On systems with CD-ROM drives that have been connected to the sound card with the audio-out cable, this control will manage the volume of the CD player.


These controls allow you to change the volume for the phone-in and phone-out ports (often RCA jacks on the back of computer) on your sound card. Fancier sound cards sometimes have these jacks available to connect to other AV equipment.

In addition to the above options, if you use ALSA you will find a number of other controls in an ALSA-capable mixer applet such as alsamixer. These controls let you access more advanced features of your sound card, but note that the presence of a control in the mixer doesn't necessarily indicate that the feature actually works! Here are some of the common options you might see:

Master Mono

This option is muted by default, but if it is enabled, it will make all audio monaural instead of stereo and control the volume of that monoaudio source.


Present on some laptops, this option allows you to control the volume level on the headphone jack without affecting the volume of the speakers.

3D Control

This option is muted by default, but allows you to enable surround sound if your card supports it.

You do not necessarily have to use an ALSA-compatible mixer if you use ALSA, provided you enable the ALSA OSS compatibility layer, specifically OSS mixer compatibility. With OSS mixer compatibility, OSS mixers will still have access to the basic volume control options, but will not be able to change some of the more advanced options your sound card may provide.

2.2.1. Command-Line Mixer Applications

In addition to whatever mixer program your desktop environment provides, there are some basic command-line mixer programs you can use to access the same volume controls without using a mouse. Two common commandline mixers are aumix and alsamixer. aumix is an OSS mixer with some particularly useful features for scripting, and alsamixer is the default commandline mixer program for ALSA.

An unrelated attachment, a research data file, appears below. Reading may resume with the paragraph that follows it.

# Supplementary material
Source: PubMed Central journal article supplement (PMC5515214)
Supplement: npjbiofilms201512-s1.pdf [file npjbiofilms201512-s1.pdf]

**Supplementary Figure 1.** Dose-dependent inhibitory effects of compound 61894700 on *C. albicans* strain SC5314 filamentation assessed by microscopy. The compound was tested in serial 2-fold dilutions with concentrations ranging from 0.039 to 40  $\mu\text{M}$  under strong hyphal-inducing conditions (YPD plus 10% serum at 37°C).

aumix provides you with access to the standard OSS mixer controls completely from the command line. If you type aumix at the command line with no arguments, you will enter its interactive mode, where you can use the up and down-arrow keys to switch between mixer controls and the left-and right-arrow keys to change the volume of the selected control. Hit the m key to toggle mute on a control, and press Tab or Enter to switch between the volume and balance controls for a device.

aumix really becomes useful with command-line arguments. All the different mixer controls are assigned an argument as listed in Table 2-1.

Table 2-1. Common aumix command-line arguments




Main volume












Line out


PC speaker










Line 1


Line 2


Line 3

Each of these arguments can accept a number of options such as q to query the current level for the device, and + and - to increment and decrement the volume by a single level. You can also specify a particular volume level by using a number instead of + or -, or you can even follow + or - with a number to control how much to increment or decrement. For example, to set the master volume to 50%, increase PCM by ten and increase the line out by one, type:

 $ aumix -v 50 -w+10 -o+ 

This functionality is particularly useful to bind aumix commands to key sequences so that you can mute your sound with a quick keypress, instead of mousing to a mixer applet. You might also find aumix handy if you schedule any audio programs with cron. aumix solves the problem of making sure that no one changes the volume on the computer between the time you set it and time your script runs. You can run an aumix command immediately before your command executes.

Linux Multimedia Hacks
Linux Multimedia Hacks
ISBN: 596100760
Year: 2005
Pages: 156